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Touches of evil

Going back to the drawing board, CBS seeks to add context to a TV movie about Hitler after controversy shelved the first draft. Many eyes are watching.

March 09, 2003|Howard Rosenberg | Times Staff Writer

Prague — "Get me Hitler."

Those haunting words -- spoken gravely by Peter O'Toole as aging German leader Paul von Hindenburg in a bitterly contested CBS drama nearing completion here -- signify a transfer of power to someone who would become one of history's epic fiends.

Seven decades after Hindenburg reluctantly named him chancellor, Adolf Hitler arrives at center stage again in this much-revised two-part story that has been attacked since its inception by those fearing it would soften a monster, driving renascent anti-Semitism.

A gentler depiction of Hitler would be especially ironic here, where the names of 80,000 Holocaust victims from Bohemia and Moravia appear on the walls of Pinkas Synagogue in Prague's former Jewish quarter, a short walk from the Intercontinental Hotel where the cast and crew are housed.

For The Record
Los Angeles Times Thursday March 13, 2003 Home Edition Main News Part A Page 2 National Desk 1 inches; 39 words Type of Material: Correction
Second Reich -- An article in Sunday's Calendar about a coming CBS miniseries on Hitler incorrectly stated that Germany's Second Reich came after World War I. Germany's Second Reich began in 1871 and was toppled in World War I.
For The Record
Los Angeles Times Sunday March 16, 2003 Home Edition Sunday Calendar Part E Page 2 Calendar Desk 1 inches; 40 words Type of Material: Correction
Second Reich -- An article in last Sunday's Calendar about a coming CBS miniseries on Hitler incorrectly stated that Germany's Second Reich came after World War I. Germany's Second Reich began in 1871 and was toppled in World War I.

Pressure on them is as high as wintry temperatures are low. At stake here are the reputations of CBS and Alliance Atlantis, the production company behind this closely watched work headed for the May ratings sweeps, when viewers will learn if it's something to applaud or merely a network mishap upgraded from a disaster.

"I hope it will sit on the shelves of history forever," Peter Sussman, one of its executive producers, proclaimed grandly last year, as if speaking of the cosmos. Actually, "Hitler: The Early Years," as it was initially called, lived only a moment in time before wilting under the heat of scrutiny and being uprooted for this new, still-untitled story being produced in an old movie studio on the edge of Prague, with Scotsman Robert Carlyle ("Trainspotting," "The Full Monty") as the adult Hitler.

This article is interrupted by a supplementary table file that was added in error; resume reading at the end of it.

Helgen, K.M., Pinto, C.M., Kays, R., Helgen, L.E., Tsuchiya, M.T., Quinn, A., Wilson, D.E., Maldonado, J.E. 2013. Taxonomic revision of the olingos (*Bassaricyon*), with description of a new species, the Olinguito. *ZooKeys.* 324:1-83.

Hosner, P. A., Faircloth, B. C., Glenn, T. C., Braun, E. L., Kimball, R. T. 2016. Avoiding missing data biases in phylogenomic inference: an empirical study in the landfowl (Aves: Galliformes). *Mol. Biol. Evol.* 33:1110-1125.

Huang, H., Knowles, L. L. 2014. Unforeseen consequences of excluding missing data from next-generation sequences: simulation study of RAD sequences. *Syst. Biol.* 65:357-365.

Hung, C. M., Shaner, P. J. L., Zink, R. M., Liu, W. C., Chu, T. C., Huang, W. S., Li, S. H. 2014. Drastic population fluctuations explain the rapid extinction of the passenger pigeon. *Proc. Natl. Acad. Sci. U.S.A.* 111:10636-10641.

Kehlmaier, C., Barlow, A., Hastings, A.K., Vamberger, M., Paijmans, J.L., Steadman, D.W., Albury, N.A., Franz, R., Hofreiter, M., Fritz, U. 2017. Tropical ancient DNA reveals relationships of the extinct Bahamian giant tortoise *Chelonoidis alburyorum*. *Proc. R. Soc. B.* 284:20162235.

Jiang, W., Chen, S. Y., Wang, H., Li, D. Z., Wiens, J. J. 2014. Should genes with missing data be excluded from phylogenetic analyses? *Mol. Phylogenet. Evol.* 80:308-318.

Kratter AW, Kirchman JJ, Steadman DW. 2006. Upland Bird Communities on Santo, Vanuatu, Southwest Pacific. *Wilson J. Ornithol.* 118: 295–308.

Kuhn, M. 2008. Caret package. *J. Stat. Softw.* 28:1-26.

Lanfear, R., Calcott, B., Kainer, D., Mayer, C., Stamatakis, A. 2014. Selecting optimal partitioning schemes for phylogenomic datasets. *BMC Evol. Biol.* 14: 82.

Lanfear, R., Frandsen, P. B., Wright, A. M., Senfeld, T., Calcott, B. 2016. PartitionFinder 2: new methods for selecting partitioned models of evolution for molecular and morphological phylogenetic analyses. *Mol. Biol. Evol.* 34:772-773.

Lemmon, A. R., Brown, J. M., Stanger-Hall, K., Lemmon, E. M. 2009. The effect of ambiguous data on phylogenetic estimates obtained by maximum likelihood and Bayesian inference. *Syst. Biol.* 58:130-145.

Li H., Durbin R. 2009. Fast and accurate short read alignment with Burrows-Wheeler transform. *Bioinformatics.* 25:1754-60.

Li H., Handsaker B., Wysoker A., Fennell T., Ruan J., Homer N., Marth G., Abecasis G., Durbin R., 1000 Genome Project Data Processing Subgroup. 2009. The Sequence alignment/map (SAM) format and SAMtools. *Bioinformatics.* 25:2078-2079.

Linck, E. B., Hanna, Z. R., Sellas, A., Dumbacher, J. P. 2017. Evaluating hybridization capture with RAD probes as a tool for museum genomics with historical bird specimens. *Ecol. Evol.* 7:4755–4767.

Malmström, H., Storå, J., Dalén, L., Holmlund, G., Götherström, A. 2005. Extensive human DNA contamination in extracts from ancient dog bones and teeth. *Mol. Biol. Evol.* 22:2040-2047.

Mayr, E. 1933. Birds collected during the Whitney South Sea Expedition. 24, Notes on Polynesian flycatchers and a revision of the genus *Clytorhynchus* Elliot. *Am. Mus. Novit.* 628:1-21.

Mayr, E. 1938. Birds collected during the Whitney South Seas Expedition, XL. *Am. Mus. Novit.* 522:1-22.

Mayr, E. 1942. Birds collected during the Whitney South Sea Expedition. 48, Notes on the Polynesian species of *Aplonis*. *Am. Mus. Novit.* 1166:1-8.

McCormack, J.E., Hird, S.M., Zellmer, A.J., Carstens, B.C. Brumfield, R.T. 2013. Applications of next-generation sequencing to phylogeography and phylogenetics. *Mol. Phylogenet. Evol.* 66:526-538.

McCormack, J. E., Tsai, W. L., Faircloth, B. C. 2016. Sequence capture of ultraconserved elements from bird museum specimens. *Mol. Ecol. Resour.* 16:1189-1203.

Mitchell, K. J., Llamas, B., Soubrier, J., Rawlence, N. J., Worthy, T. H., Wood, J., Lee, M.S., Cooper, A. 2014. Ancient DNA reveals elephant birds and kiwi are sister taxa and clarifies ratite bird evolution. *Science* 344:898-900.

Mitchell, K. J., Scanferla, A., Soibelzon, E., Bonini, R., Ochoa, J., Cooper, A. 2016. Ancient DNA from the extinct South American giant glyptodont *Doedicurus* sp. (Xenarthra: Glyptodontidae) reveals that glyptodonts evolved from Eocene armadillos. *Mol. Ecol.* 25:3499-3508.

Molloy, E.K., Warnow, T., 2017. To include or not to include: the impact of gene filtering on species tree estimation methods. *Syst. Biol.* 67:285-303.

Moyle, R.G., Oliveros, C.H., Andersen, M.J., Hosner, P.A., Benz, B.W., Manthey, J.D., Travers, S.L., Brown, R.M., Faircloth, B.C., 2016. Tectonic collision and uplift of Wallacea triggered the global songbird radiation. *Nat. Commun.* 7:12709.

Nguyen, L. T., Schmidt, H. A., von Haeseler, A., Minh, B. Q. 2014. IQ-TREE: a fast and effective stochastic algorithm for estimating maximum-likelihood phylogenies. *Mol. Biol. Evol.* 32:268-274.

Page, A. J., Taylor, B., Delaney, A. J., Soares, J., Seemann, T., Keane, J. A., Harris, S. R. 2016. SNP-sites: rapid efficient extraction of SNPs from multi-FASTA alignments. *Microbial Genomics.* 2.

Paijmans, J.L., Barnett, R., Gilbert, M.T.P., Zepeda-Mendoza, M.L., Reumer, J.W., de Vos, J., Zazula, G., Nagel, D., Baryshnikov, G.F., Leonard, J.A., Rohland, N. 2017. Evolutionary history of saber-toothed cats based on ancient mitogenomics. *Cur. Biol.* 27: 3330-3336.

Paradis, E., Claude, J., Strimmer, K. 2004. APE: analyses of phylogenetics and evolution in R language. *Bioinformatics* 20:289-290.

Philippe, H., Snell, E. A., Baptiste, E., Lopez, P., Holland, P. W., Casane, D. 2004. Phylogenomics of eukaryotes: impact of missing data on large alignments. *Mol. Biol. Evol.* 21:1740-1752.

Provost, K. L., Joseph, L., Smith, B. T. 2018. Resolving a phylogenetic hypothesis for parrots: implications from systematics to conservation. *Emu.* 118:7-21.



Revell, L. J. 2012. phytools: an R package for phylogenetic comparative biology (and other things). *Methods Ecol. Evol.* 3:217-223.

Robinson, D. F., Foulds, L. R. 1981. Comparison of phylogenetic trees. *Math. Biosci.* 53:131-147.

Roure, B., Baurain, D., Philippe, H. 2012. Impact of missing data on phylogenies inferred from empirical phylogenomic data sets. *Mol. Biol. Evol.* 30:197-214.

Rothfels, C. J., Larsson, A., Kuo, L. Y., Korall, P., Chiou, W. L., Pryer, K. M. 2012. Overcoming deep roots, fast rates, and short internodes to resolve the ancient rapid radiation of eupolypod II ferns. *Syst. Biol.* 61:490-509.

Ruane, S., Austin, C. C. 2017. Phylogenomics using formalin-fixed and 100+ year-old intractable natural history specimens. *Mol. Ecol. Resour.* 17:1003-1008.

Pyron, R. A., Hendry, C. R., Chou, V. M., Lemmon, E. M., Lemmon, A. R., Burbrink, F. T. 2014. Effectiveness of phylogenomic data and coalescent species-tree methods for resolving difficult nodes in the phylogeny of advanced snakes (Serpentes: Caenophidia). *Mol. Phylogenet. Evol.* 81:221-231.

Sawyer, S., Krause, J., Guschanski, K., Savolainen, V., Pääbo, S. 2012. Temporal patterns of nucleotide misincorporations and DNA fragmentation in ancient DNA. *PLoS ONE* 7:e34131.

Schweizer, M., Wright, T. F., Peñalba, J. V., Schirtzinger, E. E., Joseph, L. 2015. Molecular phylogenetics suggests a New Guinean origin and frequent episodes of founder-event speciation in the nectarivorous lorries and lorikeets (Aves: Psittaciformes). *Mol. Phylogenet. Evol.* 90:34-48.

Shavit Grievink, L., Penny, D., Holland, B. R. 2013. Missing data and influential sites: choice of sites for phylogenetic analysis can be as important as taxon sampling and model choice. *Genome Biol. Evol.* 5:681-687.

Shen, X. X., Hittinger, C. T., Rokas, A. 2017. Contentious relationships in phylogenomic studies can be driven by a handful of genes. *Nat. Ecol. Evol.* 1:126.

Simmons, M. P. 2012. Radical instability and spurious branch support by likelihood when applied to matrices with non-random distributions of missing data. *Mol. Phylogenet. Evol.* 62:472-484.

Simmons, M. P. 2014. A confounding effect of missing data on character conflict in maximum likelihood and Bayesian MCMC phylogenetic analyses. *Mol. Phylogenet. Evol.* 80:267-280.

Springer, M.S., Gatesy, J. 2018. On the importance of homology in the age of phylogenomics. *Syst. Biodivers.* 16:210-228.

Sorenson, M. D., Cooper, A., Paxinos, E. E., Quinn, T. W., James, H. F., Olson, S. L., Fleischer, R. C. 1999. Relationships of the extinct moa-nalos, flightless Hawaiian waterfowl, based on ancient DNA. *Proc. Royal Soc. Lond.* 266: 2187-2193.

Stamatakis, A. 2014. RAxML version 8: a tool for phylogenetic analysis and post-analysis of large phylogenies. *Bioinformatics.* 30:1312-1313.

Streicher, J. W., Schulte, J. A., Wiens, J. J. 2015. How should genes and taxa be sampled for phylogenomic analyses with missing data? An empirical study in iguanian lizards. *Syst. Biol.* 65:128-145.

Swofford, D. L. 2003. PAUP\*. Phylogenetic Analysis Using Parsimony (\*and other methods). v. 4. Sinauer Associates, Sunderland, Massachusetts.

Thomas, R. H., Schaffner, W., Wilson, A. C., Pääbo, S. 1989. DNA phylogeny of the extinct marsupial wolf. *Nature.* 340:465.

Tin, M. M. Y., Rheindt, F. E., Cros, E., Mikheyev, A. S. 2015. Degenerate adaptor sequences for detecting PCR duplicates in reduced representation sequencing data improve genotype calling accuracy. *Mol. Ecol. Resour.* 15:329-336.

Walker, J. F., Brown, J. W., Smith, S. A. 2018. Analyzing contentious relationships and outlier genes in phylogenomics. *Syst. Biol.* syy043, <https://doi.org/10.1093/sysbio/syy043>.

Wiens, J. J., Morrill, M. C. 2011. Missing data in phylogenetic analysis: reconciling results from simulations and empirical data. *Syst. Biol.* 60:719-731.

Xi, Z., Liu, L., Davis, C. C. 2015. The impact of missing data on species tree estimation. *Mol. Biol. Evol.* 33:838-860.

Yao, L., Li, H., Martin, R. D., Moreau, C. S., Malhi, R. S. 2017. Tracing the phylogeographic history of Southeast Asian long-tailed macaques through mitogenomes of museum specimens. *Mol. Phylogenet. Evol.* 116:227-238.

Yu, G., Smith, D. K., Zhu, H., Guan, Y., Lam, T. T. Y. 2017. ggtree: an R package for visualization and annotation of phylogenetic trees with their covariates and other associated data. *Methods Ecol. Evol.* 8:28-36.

This is Carlyle's second go at der Fuhrer and also at facing controversy over him. He took the CBS role, ironically, only eight weeks after protests from Jewish activists in the U.S. ended plans for a four-hour BBC production in which he was to play Hitler. That endeavor, which also would have focused significantly on a young Hitler, died when the BBC's partner, Fox, withdrew.

The CBS project has its own revolving door.

Out is G. Ross Parker, who wrote the first draft that drew such scorn.

Out are respected British historian Ian Kershaw and his scholarly acclaimed biography, "Hitler: 1889-1936: Hubris," that was advertised as the basis for Parker's draft but proved difficult to translate as drama because it was laden with academicspeak and light on anecdotes. "I have absolutely nothing to do with the miniseries," Kershaw affirmed from his home in Sheffield, declining further comment.

Out, CBS and the producers stress, is the first story's young Adolf for whom compassion was possible before he darkened into the archvillain who later would wage war on much of the human race, including the estimated 13 million who perished in Nazi death camps.

In are playwright-screenwriter John Pielmeier ("Agnes of God") and his script that is said to dwell less on the young Hitler and more on his path to genocide.

In, still, is a segment on his childhood.

In is Hitler the lifetime demon and "dullard with a big ego," as executive producer Ed Gernon ("Joan of Arc," "The Matthew Shepard Story") now calls him. "He's not terribly cunning," Gernon, 37, said inside this studio's laser-focused universe sealed off from Prague's bitter cold and the globe's fixation on terrorism and likely war with Iraq. "What he is, is awfully sure he's destined for something great that's bigger than all men, and that somehow he's above the law."

In, especially, Gernon emphasized, is the German political, social and economic environment in which the "sociopathic, antisocial, delusional" Hitler flourished. "It is not about Hitler at all, in a strange way," Gernon added about the drama referred to as "Hitler: The Origins of Evil" for now. "It's about the society around Hitler."

In, unofficially, is Rabbi Harvey Fields of the Wilshire Boulevard Temple in Los Angeles. One of his congregants just happens to be CBS President and Chief Executive Leslie Moonves, who asked him to vet Pielmeier's shooting script and provide notes.

And? Fields reports that Part 1 is now "much stronger" than an earlier Pielmeier draft, which he found lacking in the "historical context" that Gernon says is the production's main focus. Fields said he passed on to Moonves the same criticism of Part 2.

"He's had some very good points to make, and I trust him implicitly," Moonves said in Los Angeles. The result? "I don't know if [the story] accomplishes everything we want, but we will be looking at it shortly."

In, also, by the way, are public service announcements promoting tolerance that CBS says will be run before and during the production, and a planned network donation to a Jewish Holocaust charity, which some may read as an expression of guilt for spending any time at all on "Hitler: The Early Years."

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